Patents are rights bestowed by the federal government to inventors of a new utilitarian apparatus or process, a new design, or a new plant variety. The patenting process is a formal application process that must be made through the U.S. Patent & Trademark Office. The patent right is the right to exclude others from making, using, selling, offering for sale or importing whatever is claimed in a particular patent. The term of a utility patent is 20 years from the filing date of the application.
Trademarks are symbols used to designate a source of a good or service. An important function of trademark law is to protect the consumer so that consumers can be confident in the sources from which they buy goods or services. No formal application process is required to obtain trademark rights. However, there are many good reasons to consider taking formal steps with the U.S. Patent & Trademark Office to protect your trademark through a formal application process. Trademarks have no expiration date.
Copyrights protect the expression of information when such information is placed in a tangible medium of expression. Examples include photographs, art work, music, books and computer code. No formal process is required to obtain copyrights in your original works of authorship but, as with trademarks, there are many good reasons to consider taking formal steps to register your copyright. Compared with patents and trademarks, the registration of copyrights is relatively inexpensive. The term for a copyright is typically the author’s life plus 70 years.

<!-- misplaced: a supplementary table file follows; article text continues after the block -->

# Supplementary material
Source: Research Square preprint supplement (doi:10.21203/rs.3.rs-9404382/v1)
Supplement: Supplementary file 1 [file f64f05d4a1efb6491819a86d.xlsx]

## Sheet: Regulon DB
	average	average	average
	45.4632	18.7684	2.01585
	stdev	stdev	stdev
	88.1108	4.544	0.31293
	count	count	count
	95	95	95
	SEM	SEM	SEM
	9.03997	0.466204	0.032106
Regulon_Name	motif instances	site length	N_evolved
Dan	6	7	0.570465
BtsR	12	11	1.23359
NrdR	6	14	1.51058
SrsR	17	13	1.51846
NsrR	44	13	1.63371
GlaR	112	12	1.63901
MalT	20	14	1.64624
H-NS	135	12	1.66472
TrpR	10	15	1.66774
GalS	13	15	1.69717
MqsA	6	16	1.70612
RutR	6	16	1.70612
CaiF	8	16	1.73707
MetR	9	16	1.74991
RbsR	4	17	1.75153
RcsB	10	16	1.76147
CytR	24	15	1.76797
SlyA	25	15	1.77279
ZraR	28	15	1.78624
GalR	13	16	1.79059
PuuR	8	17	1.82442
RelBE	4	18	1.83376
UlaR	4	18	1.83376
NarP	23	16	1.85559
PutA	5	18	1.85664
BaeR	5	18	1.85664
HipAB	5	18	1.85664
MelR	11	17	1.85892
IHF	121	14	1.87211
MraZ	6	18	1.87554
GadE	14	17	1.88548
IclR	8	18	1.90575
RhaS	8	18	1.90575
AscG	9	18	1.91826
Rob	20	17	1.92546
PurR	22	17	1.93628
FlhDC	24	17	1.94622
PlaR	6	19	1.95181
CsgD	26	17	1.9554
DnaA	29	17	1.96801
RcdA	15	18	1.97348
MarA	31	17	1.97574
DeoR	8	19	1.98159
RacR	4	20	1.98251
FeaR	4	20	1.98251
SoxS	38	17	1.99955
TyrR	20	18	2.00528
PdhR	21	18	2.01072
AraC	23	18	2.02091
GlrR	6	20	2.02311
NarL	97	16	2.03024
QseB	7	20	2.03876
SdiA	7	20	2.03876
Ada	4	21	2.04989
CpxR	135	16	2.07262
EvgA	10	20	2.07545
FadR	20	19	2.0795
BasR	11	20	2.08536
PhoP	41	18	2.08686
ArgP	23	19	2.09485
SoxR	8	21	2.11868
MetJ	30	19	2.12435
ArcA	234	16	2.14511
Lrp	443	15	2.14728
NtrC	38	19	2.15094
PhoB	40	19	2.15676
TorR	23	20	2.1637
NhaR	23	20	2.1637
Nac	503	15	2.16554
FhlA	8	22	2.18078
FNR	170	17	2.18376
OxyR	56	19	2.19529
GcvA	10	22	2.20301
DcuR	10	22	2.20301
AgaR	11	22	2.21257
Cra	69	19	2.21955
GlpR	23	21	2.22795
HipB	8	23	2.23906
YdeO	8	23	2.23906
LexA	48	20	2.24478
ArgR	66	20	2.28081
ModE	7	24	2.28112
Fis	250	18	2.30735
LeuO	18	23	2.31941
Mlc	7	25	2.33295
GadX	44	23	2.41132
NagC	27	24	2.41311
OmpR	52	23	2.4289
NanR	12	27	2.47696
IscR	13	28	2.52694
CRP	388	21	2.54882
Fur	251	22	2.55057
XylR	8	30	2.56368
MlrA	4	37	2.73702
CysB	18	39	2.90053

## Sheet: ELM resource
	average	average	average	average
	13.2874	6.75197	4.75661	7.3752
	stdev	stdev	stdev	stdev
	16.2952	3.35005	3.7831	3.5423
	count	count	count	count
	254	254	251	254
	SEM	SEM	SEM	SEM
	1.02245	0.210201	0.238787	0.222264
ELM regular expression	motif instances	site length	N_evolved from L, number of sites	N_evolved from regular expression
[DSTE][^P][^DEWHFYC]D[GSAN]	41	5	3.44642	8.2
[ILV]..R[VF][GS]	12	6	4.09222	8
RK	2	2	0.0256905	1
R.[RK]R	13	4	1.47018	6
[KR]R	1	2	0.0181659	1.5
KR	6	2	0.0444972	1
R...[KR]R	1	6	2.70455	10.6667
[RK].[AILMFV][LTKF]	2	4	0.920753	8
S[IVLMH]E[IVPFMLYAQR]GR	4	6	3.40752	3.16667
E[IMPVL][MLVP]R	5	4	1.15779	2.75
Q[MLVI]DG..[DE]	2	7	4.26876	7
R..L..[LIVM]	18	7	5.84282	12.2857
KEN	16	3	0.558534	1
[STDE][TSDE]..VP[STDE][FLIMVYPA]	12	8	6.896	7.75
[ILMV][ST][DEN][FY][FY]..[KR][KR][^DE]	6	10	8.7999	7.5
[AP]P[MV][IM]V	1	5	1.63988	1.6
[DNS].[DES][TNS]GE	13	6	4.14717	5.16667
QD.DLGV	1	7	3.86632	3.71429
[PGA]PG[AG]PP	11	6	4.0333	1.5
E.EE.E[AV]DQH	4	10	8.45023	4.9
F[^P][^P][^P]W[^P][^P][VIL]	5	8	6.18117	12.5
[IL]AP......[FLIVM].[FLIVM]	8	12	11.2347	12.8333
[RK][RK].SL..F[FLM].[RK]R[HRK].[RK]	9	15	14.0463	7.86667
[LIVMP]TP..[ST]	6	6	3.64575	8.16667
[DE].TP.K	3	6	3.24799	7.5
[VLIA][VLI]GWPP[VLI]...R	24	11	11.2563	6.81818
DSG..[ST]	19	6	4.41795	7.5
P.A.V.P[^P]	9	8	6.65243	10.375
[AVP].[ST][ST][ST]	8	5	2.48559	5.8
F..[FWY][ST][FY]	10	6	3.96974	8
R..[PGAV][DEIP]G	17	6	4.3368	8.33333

Many artists and creative product producers are aware that ownership of a copyright occurs automatically when an author of an original work places that work into a tangible medium of expression. Because this happens automatically, many feel that taking the extra step of registering their copyright with the U.S. Copyright Office is an unnecessary extra step. Regarding ownership, this is true. There is no need for an author of an original work to register the work in order to own the copyright in the work.
The issue changes, however, when an author desires to enforce his or her rights against a third party. In order to properly file a lawsuit to enforce a copyright, the filer must have at least first filed to register the work with the U.S. Copyright Office. Some federal jurisdictions even require that the work be registered before suit can properly be filed.
Perhaps the most important reason to register a copyright in a work is to be able to benefit from the statutory damages provisions of the U.S. Copyright Act. If a work is properly registered before infringing acts occur, the owner of a work can elect statutory damages instead of having to prove actual damages. This can save a tremendous amount of money in litigation. Statutory damages can range as high as $150,000 per registered work if the infringement is shown to be intentional.
It is tempting to think, “I’ll register my work if and when someone infringes it.” But this plan won’t afford you the benefit of statutory damages. In order to be able to benefit from the option of statutory damages, a work must be registered before infringing acts occur, or at least before knowledge of those acts occurs. So the idea of waiting won’t work. The drafters of the statute purposefully included this caveat to attempt to encourage authors to go ahead and register their original works of authorship. So, do you really need to register your copyright? If you want to benefit from the statutory damages provisions of the U.S. Copyright Statute, the answer is “yes”.